JOURNAL ARTICLE

Canadian Stroke Best Practice Recommendations: Managing transitions of care following Stroke, Guidelines Update 2016

Jill I Cameron, Colleen O'Connell, Norine Foley, Katherine Salter, Rhonda Booth, Rosemary Boyle, Donna Cheung, Nancy Cooper, Helene Corriveau, Dar Dowlatshahi, Annie Dulude, Patti Flaherty, Ev Glasser, Gord Gubitz, Debbie Hebert, Jacquie Holzmann, Patrick Hurteau, Elise Lamy, Suzanne LeClaire, Taylor McMillan, Judy Murray, David Scarfone, Eric E Smith, Vivian Shum, Kim Taylor, Trudy Taylor, Catherine Yanchula, Robert Teasell, Patrice Lindsay
International Journal of Stroke: Official Journal of the International Stroke Society 2016, 11 (7): 807-22
27443991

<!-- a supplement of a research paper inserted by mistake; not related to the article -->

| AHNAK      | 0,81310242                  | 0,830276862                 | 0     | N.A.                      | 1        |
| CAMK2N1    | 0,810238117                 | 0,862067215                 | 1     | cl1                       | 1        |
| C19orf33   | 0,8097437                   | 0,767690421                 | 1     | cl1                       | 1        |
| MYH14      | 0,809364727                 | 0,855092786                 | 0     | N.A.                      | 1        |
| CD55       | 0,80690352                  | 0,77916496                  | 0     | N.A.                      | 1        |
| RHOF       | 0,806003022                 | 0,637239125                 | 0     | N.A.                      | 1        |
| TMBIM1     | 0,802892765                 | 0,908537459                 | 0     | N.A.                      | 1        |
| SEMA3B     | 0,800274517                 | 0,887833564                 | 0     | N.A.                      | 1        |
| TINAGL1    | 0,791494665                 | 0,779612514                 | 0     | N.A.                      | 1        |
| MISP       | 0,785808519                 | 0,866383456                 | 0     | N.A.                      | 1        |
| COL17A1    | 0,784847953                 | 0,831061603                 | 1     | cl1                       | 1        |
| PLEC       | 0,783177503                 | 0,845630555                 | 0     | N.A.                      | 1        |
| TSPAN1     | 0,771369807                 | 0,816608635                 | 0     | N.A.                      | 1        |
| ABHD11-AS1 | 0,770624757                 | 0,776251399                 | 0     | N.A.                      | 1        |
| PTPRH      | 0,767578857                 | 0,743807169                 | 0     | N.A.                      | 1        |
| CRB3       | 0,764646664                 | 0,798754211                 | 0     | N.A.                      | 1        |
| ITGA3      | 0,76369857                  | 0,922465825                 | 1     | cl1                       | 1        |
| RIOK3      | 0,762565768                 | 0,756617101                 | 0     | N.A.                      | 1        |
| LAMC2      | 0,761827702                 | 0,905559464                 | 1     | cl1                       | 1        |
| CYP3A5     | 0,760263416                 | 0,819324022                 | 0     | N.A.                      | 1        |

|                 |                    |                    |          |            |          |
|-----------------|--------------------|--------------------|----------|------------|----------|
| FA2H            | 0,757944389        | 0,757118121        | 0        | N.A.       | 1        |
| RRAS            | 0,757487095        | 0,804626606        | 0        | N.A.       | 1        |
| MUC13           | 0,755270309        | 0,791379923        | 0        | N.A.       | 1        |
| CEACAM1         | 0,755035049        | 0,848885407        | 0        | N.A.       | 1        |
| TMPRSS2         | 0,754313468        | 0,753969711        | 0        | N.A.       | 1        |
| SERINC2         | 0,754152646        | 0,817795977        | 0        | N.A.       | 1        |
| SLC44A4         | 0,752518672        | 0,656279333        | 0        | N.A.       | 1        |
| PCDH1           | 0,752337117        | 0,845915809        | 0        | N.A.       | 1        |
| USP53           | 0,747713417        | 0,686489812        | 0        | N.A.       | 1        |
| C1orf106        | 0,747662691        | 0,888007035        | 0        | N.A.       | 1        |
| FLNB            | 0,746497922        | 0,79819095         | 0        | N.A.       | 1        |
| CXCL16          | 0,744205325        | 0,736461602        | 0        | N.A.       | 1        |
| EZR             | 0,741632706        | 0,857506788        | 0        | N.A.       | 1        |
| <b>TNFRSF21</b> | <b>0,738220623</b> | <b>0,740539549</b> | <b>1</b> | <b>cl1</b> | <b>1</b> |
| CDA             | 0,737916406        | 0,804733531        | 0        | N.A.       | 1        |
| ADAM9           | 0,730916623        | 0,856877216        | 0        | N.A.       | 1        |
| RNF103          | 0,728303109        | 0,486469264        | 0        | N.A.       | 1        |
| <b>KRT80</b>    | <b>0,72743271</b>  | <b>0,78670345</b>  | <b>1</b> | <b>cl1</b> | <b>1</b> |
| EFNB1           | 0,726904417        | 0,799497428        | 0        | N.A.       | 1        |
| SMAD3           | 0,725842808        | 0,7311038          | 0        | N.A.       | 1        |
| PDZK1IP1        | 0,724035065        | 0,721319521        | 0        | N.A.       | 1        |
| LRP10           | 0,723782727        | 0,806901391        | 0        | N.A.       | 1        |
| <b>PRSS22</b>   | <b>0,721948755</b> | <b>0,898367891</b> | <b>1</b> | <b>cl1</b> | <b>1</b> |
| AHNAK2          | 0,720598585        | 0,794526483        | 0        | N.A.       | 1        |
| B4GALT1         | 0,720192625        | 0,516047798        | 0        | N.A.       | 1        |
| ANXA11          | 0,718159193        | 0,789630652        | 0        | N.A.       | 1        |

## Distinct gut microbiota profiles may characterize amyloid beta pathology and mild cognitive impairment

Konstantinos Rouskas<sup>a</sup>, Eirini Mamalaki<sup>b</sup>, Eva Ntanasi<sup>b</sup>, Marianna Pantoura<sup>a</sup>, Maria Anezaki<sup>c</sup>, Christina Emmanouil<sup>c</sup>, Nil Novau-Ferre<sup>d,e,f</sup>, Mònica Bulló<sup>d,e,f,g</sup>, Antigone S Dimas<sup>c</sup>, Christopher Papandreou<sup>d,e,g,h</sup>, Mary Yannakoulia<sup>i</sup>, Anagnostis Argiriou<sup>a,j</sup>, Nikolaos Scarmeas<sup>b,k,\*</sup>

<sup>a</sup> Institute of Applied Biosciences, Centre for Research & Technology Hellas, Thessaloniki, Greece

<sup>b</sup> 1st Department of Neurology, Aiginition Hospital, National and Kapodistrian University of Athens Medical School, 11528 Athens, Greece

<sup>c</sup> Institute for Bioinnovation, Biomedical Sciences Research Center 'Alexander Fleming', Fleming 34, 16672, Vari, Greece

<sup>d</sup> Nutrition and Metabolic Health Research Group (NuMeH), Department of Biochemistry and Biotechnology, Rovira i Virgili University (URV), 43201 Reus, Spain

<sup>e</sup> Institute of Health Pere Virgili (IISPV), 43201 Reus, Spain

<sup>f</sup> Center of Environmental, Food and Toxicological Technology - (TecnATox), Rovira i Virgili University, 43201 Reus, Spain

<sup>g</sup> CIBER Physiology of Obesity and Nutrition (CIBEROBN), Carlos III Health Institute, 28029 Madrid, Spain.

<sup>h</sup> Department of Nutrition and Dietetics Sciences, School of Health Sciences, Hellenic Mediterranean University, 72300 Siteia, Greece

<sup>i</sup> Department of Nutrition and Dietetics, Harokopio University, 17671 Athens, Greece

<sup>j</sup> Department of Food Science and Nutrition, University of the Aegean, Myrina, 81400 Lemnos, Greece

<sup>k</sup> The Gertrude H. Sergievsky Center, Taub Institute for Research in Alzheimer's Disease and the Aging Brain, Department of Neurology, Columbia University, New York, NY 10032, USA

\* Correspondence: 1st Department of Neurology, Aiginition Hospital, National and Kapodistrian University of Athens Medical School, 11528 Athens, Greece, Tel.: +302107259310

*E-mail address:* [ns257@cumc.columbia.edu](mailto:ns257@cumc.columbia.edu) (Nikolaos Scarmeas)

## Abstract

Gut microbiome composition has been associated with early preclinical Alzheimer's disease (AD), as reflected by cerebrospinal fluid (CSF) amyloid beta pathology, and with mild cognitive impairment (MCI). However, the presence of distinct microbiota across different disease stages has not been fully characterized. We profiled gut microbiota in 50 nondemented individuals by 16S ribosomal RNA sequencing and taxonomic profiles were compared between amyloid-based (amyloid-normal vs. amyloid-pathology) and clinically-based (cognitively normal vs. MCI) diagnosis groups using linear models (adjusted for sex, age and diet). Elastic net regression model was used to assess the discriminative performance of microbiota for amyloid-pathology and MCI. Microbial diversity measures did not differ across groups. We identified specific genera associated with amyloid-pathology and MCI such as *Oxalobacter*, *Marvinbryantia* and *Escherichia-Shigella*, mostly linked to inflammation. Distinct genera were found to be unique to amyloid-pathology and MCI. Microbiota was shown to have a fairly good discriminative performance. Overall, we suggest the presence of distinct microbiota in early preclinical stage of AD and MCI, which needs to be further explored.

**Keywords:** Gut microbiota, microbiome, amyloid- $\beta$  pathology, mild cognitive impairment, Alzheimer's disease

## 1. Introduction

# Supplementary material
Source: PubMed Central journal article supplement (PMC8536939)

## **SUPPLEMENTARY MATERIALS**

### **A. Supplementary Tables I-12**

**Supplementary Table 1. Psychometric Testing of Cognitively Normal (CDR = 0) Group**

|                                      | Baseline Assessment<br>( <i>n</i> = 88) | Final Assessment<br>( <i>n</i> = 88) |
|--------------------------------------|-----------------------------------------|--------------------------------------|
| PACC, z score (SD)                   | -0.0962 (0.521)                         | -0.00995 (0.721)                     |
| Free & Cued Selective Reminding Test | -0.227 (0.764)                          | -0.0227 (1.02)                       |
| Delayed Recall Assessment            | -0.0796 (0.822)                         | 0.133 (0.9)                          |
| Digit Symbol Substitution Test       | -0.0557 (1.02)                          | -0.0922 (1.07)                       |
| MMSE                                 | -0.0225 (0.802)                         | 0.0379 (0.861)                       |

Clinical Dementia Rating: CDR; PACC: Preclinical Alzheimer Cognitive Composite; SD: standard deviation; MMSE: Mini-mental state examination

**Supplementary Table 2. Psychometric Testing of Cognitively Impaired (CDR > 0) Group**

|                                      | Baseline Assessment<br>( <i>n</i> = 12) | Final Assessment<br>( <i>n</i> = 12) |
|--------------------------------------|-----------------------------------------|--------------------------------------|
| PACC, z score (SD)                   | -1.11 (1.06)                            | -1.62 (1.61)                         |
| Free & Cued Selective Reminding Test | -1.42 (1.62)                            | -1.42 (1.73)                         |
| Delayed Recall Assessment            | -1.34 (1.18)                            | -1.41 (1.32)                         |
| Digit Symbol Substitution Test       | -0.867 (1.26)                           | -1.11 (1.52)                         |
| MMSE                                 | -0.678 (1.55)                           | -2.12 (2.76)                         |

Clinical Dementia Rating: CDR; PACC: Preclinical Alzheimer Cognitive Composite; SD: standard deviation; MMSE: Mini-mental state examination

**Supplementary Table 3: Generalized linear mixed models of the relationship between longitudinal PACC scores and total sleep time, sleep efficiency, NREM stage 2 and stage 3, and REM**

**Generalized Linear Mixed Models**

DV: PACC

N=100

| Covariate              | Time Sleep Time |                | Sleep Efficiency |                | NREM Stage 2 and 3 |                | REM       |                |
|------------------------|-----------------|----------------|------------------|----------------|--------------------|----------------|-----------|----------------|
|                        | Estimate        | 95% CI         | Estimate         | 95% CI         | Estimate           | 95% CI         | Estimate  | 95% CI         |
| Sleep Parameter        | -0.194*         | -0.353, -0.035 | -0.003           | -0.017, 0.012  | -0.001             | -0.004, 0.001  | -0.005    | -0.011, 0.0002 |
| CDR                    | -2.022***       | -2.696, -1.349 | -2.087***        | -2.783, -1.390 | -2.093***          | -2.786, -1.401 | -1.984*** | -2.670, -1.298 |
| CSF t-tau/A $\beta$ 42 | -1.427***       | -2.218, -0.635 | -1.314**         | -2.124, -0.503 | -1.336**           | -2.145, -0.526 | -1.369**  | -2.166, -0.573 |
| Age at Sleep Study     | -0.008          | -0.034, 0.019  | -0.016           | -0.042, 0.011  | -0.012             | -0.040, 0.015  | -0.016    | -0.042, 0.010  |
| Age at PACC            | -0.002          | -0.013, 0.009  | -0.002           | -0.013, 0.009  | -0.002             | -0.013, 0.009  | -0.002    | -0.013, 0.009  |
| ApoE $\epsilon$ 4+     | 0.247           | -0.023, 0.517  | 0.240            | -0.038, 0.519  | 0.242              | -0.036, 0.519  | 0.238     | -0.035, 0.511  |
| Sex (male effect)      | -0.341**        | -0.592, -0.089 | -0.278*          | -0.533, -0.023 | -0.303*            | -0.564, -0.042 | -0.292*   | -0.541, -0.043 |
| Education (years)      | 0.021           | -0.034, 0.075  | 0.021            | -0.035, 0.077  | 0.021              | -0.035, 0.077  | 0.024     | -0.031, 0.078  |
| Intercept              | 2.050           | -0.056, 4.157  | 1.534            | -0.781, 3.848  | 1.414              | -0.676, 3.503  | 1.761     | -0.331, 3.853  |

Every year, approximately 62,000 people with stroke and transient ischemic attack are treated in Canadian hospitals. For patients, families and caregivers, this can be a difficult time of adjustment. The 2016 update of the Canadian Managing Transitions of Care following Stroke guideline is a comprehensive summary of current evidence-based and consensus-based recommendations appropriate for use by clinicians who provide care to patients following stroke across a broad range of settings. The focus of these recommendations is on support, education and skills training for patients, families and caregivers; effective discharge planning; interprofessional communication; adaptation in resuming activities of daily living; and transition to long-term care for patients who are unable to return to or remain at home. Unlike other modules contained in the Canadian Stroke Best Practice Recommendations (such as acute inpatient care), many of these recommendations are based on consensus opinion, or evidence level C, highlighting the absence of conventional evidence (i.e. randomized controlled trials) in this area of stroke care. The quality of care transitions between stages and settings may have a direct impact on patient and family outcomes such as coping, readmissions and functional recovery. While many qualitative and non-controlled studies were reviewed, this gap in evidence combined with the fact that mortality from stoke is decreasing and more people are living with the effects of stroke, underscores the need to channel a portion of available research funds to recovery and adaptation following the acute phase of stroke.

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